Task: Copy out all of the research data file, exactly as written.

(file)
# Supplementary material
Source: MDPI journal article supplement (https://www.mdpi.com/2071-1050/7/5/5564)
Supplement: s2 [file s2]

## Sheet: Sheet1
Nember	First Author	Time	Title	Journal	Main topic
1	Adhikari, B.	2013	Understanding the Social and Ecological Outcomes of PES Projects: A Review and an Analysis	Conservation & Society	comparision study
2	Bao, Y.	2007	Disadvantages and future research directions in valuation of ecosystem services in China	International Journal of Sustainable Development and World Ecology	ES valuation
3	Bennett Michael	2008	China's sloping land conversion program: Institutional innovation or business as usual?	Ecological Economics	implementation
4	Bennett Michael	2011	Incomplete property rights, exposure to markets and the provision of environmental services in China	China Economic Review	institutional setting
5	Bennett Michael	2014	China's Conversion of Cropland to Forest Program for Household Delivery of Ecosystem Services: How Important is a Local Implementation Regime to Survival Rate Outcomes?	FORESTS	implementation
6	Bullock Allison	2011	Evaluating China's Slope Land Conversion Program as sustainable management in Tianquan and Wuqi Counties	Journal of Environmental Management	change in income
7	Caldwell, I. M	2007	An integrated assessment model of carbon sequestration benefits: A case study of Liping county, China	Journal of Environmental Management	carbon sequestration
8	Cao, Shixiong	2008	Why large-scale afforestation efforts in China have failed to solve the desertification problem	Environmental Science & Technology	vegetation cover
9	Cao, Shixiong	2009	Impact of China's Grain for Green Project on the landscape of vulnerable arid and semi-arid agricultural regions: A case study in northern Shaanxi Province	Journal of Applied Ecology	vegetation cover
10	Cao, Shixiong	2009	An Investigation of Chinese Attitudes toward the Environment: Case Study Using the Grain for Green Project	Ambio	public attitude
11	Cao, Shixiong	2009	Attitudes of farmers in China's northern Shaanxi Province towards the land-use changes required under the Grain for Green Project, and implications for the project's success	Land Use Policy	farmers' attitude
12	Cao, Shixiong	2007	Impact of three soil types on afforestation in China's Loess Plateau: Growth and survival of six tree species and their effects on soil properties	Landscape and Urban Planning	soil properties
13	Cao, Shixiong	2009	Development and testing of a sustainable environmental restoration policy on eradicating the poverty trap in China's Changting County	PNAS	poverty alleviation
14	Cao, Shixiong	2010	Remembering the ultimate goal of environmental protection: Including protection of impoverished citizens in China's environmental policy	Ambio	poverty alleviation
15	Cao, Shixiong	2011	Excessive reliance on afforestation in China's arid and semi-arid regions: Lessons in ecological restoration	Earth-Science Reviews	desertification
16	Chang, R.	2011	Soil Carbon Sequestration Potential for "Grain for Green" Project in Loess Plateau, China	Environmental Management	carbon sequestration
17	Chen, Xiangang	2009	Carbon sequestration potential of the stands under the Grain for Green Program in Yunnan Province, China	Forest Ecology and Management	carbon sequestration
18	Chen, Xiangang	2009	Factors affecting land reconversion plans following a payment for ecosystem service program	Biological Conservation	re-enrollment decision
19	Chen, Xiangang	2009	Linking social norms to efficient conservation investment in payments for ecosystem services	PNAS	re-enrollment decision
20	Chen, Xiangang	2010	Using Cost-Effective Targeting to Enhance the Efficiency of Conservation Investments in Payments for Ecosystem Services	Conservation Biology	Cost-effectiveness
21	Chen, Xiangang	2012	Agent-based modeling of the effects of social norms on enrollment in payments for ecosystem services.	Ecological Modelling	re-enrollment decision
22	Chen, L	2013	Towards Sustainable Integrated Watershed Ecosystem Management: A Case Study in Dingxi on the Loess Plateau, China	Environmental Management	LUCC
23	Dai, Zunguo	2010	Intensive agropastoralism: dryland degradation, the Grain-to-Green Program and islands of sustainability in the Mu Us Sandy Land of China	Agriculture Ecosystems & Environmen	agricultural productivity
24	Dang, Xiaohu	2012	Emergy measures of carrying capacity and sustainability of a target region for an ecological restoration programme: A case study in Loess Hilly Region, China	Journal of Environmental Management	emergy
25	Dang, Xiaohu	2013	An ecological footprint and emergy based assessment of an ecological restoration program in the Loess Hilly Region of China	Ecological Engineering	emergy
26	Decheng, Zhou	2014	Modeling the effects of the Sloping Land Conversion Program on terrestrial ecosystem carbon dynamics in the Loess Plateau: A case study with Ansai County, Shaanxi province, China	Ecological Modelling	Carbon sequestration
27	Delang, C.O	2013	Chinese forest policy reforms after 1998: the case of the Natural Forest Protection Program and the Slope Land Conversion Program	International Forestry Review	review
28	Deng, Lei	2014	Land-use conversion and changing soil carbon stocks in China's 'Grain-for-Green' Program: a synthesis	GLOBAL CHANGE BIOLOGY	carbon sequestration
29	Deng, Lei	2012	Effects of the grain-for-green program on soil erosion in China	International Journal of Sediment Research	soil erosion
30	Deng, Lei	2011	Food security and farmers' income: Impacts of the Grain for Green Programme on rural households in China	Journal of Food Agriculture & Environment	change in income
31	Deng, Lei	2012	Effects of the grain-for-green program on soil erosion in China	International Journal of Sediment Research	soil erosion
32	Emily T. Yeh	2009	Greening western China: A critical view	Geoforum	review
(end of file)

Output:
# Supplementary material
Source: MDPI journal article supplement (https://www.mdpi.com/2071-1050/7/5/5564)
Supplement: s2 [file s2]

## Sheet: Sheet1
Nember	First Author	Time	Title	Journal	Main topic
1	Adhikari, B.	2013	Understanding the Social and Ecological Outcomes of PES Projects: A Review and an Analysis	Conservation & Society	comparision study
2	Bao, Y.	2007	Disadvantages and future research directions in valuation of ecosystem services in China	International Journal of Sustainable Development and World Ecology	ES valuation
3	Bennett Michael	2008	China's sloping land conversion program: Institutional innovation or business as usual?	Ecological Economics	implementation
4	Bennett Michael	2011	Incomplete property rights, exposure to markets and the provision of environmental services in China	China Economic Review	institutional setting
5	Bennett Michael	2014	China's Conversion of Cropland to Forest Program for Household Delivery of Ecosystem Services: How Important is a Local Implementation Regime to Survival Rate Outcomes?	FORESTS	implementation
6	Bullock Allison	2011	Evaluating China's Slope Land Conversion Program as sustainable management in Tianquan and Wuqi Counties	Journal of Environmental Management	change in income
7	Caldwell, I. M	2007	An integrated assessment model of carbon sequestration benefits: A case study of Liping county, China	Journal of Environmental Management	carbon sequestration
8	Cao, Shixiong	2008	Why large-scale afforestation efforts in China have failed to solve the desertification problem	Environmental Science & Technology	vegetation cover
9	Cao, Shixiong	2009	Impact of China's Grain for Green Project on the landscape of vulnerable arid and semi-arid agricultural regions: A case study in northern Shaanxi Province	Journal of Applied Ecology	vegetation cover
10	Cao, Shixiong	2009	An Investigation of Chinese Attitudes toward the Environment: Case Study Using the Grain for Green Project	Ambio	public attitude
11	Cao, Shixiong	2009	Attitudes of farmers in China's northern Shaanxi Province towards the land-use changes required under the Grain for Green Project, and implications for the project's success	Land Use Policy	farmers' attitude
12	Cao, Shixiong	2007	Impact of three soil types on afforestation in China's Loess Plateau: Growth and survival of six tree species and their effects on soil properties	Landscape and Urban Planning	soil properties
13	Cao, Shixiong	2009	Development and testing of a sustainable environmental restoration policy on eradicating the poverty trap in China's Changting County	PNAS	poverty alleviation
14	Cao, Shixiong	2010	Remembering the ultimate goal of environmental protection: Including protection of impoverished citizens in China's environmental policy	Ambio	poverty alleviation
15	Cao, Shixiong	2011	Excessive reliance on afforestation in China's arid and semi-arid regions: Lessons in ecological restoration	Earth-Science Reviews	desertification
16	Chang, R.	2011	Soil Carbon Sequestration Potential for "Grain for Green" Project in Loess Plateau, China	Environmental Management	carbon sequestration
17	Chen, Xiangang	2009	Carbon sequestration potential of the stands under the Grain for Green Program in Yunnan Province, China	Forest Ecology and Management	carbon sequestration
18	Chen, Xiangang	2009	Factors affecting land reconversion plans following a payment for ecosystem service program	Biological Conservation	re-enrollment decision
19	Chen, Xiangang	2009	Linking social norms to efficient conservation investment in payments for ecosystem services	PNAS	re-enrollment decision
20	Chen, Xiangang	2010	Using Cost-Effective Targeting to Enhance the Efficiency of Conservation Investments in Payments for Ecosystem Services	Conservation Biology	Cost-effectiveness
21	Chen, Xiangang	2012	Agent-based modeling of the effects of social norms on enrollment in payments for ecosystem services.	Ecological Modelling	re-enrollment decision
22	Chen, L	2013	Towards Sustainable Integrated Watershed Ecosystem Management: A Case Study in Dingxi on the Loess Plateau, China	Environmental Management	LUCC
23	Dai, Zunguo	2010	Intensive agropastoralism: dryland degradation, the Grain-to-Green Program and islands of sustainability in the Mu Us Sandy Land of China	Agriculture Ecosystems & Environmen	agricultural productivity
24	Dang, Xiaohu	2012	Emergy measures of carrying capacity and sustainability of a target region for an ecological restoration programme: A case study in Loess Hilly Region, China	Journal of Environmental Management	emergy
25	Dang, Xiaohu	2013	An ecological footprint and emergy based assessment of an ecological restoration program in the Loess Hilly Region of China	Ecological Engineering	emergy
26	Decheng, Zhou	2014	Modeling the effects of the Sloping Land Conversion Program on terrestrial ecosystem carbon dynamics in the Loess Plateau: A case study with Ansai County, Shaanxi province, China	Ecological Modelling	Carbon sequestration
27	Delang, C.O	2013	Chinese forest policy reforms after 1998: the case of the Natural Forest Protection Program and the Slope Land Conversion Program	International Forestry Review	review
28	Deng, Lei	2014	Land-use conversion and changing soil carbon stocks in China's 'Grain-for-Green' Program: a synthesis	GLOBAL CHANGE BIOLOGY	carbon sequestration
29	Deng, Lei	2012	Effects of the grain-for-green program on soil erosion in China	International Journal of Sediment Research	soil erosion
30	Deng, Lei	2011	Food security and farmers' income: Impacts of the Grain for Green Programme on rural households in China	Journal of Food Agriculture & Environment	change in income
31	Deng, Lei	2012	Effects of the grain-for-green program on soil erosion in China	International Journal of Sediment Research	soil erosion
32	Emily T. Yeh	2009	Greening western China: A critical view	Geoforum	review